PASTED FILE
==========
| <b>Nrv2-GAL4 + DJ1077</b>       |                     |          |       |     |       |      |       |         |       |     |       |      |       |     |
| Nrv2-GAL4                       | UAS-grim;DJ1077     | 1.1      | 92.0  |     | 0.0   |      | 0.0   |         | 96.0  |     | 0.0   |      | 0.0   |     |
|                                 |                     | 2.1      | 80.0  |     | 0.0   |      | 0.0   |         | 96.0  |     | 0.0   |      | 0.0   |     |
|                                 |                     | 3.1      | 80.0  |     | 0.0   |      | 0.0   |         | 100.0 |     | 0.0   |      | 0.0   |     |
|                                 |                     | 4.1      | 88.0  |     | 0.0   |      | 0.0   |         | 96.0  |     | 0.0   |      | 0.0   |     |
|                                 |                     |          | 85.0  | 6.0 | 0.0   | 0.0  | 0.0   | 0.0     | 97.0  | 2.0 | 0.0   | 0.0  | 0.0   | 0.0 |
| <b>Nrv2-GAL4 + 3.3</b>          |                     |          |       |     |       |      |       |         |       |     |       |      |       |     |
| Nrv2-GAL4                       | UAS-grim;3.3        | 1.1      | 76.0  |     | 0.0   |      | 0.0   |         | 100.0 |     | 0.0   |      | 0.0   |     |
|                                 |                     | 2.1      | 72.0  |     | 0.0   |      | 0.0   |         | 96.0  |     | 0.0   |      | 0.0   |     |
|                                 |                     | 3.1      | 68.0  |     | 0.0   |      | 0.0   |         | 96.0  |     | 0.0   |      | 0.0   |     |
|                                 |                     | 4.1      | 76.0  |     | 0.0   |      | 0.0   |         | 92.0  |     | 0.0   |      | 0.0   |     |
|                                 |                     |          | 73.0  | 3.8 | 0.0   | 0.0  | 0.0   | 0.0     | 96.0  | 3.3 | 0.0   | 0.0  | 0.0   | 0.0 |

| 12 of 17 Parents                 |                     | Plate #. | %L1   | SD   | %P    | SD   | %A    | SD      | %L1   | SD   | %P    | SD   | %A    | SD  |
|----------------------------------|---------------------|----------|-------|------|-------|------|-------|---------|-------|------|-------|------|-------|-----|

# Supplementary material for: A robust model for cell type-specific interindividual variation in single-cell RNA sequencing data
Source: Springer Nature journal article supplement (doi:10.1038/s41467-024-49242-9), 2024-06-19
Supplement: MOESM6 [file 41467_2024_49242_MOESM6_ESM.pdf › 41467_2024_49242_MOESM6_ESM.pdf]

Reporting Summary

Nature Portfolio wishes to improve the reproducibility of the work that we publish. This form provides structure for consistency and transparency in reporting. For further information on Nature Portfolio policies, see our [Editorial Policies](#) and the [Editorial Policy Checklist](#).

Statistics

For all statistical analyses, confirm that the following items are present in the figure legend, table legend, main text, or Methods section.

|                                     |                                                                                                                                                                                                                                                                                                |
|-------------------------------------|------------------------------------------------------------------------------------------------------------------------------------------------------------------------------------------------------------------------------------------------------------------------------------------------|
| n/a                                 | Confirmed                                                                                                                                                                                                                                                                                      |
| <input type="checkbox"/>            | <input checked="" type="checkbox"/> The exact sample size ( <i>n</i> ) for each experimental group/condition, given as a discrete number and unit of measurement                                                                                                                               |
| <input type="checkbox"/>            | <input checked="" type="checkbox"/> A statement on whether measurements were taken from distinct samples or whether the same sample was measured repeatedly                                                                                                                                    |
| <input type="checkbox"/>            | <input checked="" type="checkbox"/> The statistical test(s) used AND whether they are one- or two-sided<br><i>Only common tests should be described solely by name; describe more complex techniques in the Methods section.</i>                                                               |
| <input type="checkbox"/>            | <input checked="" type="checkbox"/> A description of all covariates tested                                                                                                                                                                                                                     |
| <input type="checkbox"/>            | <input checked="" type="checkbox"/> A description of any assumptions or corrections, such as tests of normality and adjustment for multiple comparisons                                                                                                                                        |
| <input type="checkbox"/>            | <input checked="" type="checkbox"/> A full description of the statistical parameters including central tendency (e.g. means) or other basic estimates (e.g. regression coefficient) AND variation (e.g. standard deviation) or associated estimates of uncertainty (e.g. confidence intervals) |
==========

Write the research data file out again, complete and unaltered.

| <b>Nrv2-GAL4 + DJ1077</b>       |                     |          |       |     |       |      |       |         |       |     |       |      |       |     |
| Nrv2-GAL4                       | UAS-grim;DJ1077     | 1.1      | 92.0  |     | 0.0   |      | 0.0   |         | 96.0  |     | 0.0   |      | 0.0   |     |
|                                 |                     | 2.1      | 80.0  |     | 0.0   |      | 0.0   |         | 96.0  |     | 0.0   |      | 0.0   |     |
|                                 |                     | 3.1      | 80.0  |     | 0.0   |      | 0.0   |         | 100.0 |     | 0.0   |      | 0.0   |     |
|                                 |                     | 4.1      | 88.0  |     | 0.0   |      | 0.0   |         | 96.0  |     | 0.0   |      | 0.0   |     |
|                                 |                     |          | 85.0  | 6.0 | 0.0   | 0.0  | 0.0   | 0.0     | 97.0  | 2.0 | 0.0   | 0.0  | 0.0   | 0.0 |
| <b>Nrv2-GAL4 + 3.3</b>          |                     |          |       |     |       |      |       |         |       |     |       |      |       |     |
| Nrv2-GAL4                       | UAS-grim;3.3        | 1.1      | 76.0  |     | 0.0   |      | 0.0   |         | 100.0 |     | 0.0   |      | 0.0   |     |
|                                 |                     | 2.1      | 72.0  |     | 0.0   |      | 0.0   |         | 96.0  |     | 0.0   |      | 0.0   |     |
|                                 |                     | 3.1      | 68.0  |     | 0.0   |      | 0.0   |         | 96.0  |     | 0.0   |      | 0.0   |     |
|                                 |                     | 4.1      | 76.0  |     | 0.0   |      | 0.0   |         | 92.0  |     | 0.0   |      | 0.0   |     |
|                                 |                     |          | 73.0  | 3.8 | 0.0   | 0.0  | 0.0   | 0.0     | 96.0  | 3.3 | 0.0   | 0.0  | 0.0   | 0.0 |

| 12 of 17 Parents                 |                     | Plate #. | %L1   | SD   | %P    | SD   | %A    | SD      | %L1   | SD   | %P    | SD   | %A    | SD  |
|----------------------------------|---------------------|----------|-------|------|-------|------|-------|---------|-------|------|-------|------|-------|-----|

# Supplementary material for: A robust model for cell type-specific interindividual variation in single-cell RNA sequencing data
Source: Springer Nature journal article supplement (doi:10.1038/s41467-024-49242-9), 2024-06-19
Supplement: MOESM6 [file 41467_2024_49242_MOESM6_ESM.pdf › 41467_2024_49242_MOESM6_ESM.pdf]

Reporting Summary

Nature Portfolio wishes to improve the reproducibility of the work that we publish. This form provides structure for consistency and transparency in reporting. For further information on Nature Portfolio policies, see our [Editorial Policies](#) and the [Editorial Policy Checklist](#).

Statistics

For all statistical analyses, confirm that the following items are present in the figure legend, table legend, main text, or Methods section.

|                                     |                                                                                                                                                                                                                                                                                                |
|-------------------------------------|------------------------------------------------------------------------------------------------------------------------------------------------------------------------------------------------------------------------------------------------------------------------------------------------|
| n/a                                 | Confirmed                                                                                                                                                                                                                                                                                      |
| <input type="checkbox"/>            | <input checked="" type="checkbox"/> The exact sample size ( <i>n</i> ) for each experimental group/condition, given as a discrete number and unit of measurement                                                                                                                               |
| <input type="checkbox"/>            | <input checked="" type="checkbox"/> A statement on whether measurements were taken from distinct samples or whether the same sample was measured repeatedly                                                                                                                                    |
| <input type="checkbox"/>            | <input checked="" type="checkbox"/> The statistical test(s) used AND whether they are one- or two-sided<br><i>Only common tests should be described solely by name; describe more complex techniques in the Methods section.</i>                                                               |
| <input type="checkbox"/>            | <input checked="" type="checkbox"/> A description of all covariates tested                                                                                                                                                                                                                     |
| <input type="checkbox"/>            | <input checked="" type="checkbox"/> A description of any assumptions or corrections, such as tests of normality and adjustment for multiple comparisons                                                                                                                                        |
| <input type="checkbox"/>            | <input checked="" type="checkbox"/> A full description of the statistical parameters including central tendency (e.g. means) or other basic estimates (e.g. regression coefficient) AND variation (e.g. standard deviation) or associated estimates of uncertainty (e.g. confidence intervals) |